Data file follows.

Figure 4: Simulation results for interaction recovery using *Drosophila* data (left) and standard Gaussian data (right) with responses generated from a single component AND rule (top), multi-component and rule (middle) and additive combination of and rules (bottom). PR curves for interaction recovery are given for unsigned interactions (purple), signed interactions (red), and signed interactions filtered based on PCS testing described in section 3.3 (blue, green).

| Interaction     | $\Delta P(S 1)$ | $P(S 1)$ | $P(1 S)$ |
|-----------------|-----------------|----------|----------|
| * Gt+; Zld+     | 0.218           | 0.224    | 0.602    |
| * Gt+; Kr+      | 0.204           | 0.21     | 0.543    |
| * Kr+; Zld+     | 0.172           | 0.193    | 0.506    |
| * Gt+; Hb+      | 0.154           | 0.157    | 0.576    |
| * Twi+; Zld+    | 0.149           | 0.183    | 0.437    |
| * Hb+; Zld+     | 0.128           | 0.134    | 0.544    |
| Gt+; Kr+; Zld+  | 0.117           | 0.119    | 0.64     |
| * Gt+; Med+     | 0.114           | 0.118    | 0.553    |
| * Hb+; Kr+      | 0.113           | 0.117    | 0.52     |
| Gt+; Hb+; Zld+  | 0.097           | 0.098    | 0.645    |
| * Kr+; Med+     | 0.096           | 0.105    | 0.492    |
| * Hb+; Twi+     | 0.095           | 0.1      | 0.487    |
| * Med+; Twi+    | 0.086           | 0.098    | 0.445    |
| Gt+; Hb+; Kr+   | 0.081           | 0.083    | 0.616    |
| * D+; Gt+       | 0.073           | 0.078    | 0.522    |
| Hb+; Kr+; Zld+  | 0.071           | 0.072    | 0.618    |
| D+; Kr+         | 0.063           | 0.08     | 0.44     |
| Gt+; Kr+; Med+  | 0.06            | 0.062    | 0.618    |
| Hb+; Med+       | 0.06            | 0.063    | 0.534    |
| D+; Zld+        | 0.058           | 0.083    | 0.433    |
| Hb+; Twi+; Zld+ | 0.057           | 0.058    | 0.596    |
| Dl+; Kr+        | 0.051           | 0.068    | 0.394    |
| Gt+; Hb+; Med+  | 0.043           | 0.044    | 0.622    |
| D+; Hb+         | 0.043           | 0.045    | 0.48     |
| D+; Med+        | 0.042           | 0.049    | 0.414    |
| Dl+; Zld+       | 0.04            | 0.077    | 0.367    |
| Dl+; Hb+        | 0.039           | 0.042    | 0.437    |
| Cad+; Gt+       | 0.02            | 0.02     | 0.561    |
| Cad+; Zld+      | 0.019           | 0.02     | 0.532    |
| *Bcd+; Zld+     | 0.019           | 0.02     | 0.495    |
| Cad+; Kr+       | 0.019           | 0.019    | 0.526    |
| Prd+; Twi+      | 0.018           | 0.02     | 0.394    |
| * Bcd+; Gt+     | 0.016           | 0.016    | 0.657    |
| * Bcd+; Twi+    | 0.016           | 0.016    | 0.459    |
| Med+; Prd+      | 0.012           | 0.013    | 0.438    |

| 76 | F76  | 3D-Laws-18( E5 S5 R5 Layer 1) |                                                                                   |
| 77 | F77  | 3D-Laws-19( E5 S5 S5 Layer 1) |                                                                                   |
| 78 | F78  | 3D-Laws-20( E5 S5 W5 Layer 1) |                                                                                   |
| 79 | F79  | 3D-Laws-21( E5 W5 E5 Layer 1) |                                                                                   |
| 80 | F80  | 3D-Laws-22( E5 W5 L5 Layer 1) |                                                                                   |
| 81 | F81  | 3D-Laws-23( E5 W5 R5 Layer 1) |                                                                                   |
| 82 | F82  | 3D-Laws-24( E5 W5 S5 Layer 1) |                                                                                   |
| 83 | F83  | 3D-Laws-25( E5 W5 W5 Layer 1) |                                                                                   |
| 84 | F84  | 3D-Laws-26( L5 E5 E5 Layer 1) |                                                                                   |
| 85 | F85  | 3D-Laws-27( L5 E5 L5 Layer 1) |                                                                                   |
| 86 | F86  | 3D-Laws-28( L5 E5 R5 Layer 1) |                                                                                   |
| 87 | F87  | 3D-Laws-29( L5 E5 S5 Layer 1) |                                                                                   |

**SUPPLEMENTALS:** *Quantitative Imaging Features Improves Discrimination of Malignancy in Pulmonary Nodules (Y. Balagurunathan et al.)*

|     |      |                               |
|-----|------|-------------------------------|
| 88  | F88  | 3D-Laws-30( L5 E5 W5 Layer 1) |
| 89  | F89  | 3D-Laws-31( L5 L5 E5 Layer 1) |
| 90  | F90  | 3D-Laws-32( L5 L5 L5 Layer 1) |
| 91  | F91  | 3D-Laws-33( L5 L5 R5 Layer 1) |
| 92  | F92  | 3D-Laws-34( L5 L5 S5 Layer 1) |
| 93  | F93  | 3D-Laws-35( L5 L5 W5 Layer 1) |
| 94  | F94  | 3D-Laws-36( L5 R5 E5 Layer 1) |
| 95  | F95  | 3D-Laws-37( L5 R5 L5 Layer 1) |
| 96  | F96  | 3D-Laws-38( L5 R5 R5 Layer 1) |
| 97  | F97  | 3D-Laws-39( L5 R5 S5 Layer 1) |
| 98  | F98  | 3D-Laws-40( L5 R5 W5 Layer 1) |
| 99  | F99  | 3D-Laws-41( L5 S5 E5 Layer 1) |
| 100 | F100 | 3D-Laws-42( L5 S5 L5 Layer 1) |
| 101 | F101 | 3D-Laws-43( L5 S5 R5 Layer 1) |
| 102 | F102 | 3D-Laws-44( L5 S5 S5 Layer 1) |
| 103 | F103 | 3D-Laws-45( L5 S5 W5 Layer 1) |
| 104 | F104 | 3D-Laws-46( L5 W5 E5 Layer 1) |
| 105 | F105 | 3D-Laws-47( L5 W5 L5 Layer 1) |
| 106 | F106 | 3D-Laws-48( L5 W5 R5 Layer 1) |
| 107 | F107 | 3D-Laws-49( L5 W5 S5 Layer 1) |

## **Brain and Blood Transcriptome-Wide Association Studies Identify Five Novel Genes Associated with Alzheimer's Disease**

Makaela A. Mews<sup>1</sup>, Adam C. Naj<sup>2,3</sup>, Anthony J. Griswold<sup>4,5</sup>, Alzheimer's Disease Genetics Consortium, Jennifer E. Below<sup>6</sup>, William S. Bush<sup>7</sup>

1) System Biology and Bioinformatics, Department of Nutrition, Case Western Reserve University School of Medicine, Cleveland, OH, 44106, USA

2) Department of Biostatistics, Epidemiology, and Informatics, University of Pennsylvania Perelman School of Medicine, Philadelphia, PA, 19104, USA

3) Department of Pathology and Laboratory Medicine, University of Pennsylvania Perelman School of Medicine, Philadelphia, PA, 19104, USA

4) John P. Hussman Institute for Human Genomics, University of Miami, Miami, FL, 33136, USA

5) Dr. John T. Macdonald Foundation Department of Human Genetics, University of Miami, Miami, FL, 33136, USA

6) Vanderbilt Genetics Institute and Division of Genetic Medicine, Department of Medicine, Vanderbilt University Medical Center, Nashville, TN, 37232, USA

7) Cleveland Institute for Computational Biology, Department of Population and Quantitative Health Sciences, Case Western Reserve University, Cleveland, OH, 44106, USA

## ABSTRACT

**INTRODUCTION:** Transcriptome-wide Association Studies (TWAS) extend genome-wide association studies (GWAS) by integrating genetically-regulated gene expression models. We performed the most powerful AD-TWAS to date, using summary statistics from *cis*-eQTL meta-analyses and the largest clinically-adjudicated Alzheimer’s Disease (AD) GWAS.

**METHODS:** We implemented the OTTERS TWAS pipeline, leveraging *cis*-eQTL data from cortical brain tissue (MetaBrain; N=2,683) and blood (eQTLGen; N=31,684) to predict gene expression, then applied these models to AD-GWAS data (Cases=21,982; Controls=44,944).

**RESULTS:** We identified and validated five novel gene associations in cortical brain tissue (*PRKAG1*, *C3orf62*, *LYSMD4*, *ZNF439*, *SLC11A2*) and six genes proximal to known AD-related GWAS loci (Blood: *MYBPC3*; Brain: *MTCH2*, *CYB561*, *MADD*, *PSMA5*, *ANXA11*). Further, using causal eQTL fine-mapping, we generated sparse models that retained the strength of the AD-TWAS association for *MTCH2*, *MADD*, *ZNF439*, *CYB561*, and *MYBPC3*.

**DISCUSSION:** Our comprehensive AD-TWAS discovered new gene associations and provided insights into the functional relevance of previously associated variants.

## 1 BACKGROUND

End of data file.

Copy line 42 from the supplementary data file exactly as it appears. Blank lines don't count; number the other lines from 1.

| 79 | F79  | 3D-Laws-21( E5 W5 E5 Layer 1) |                                                                                   |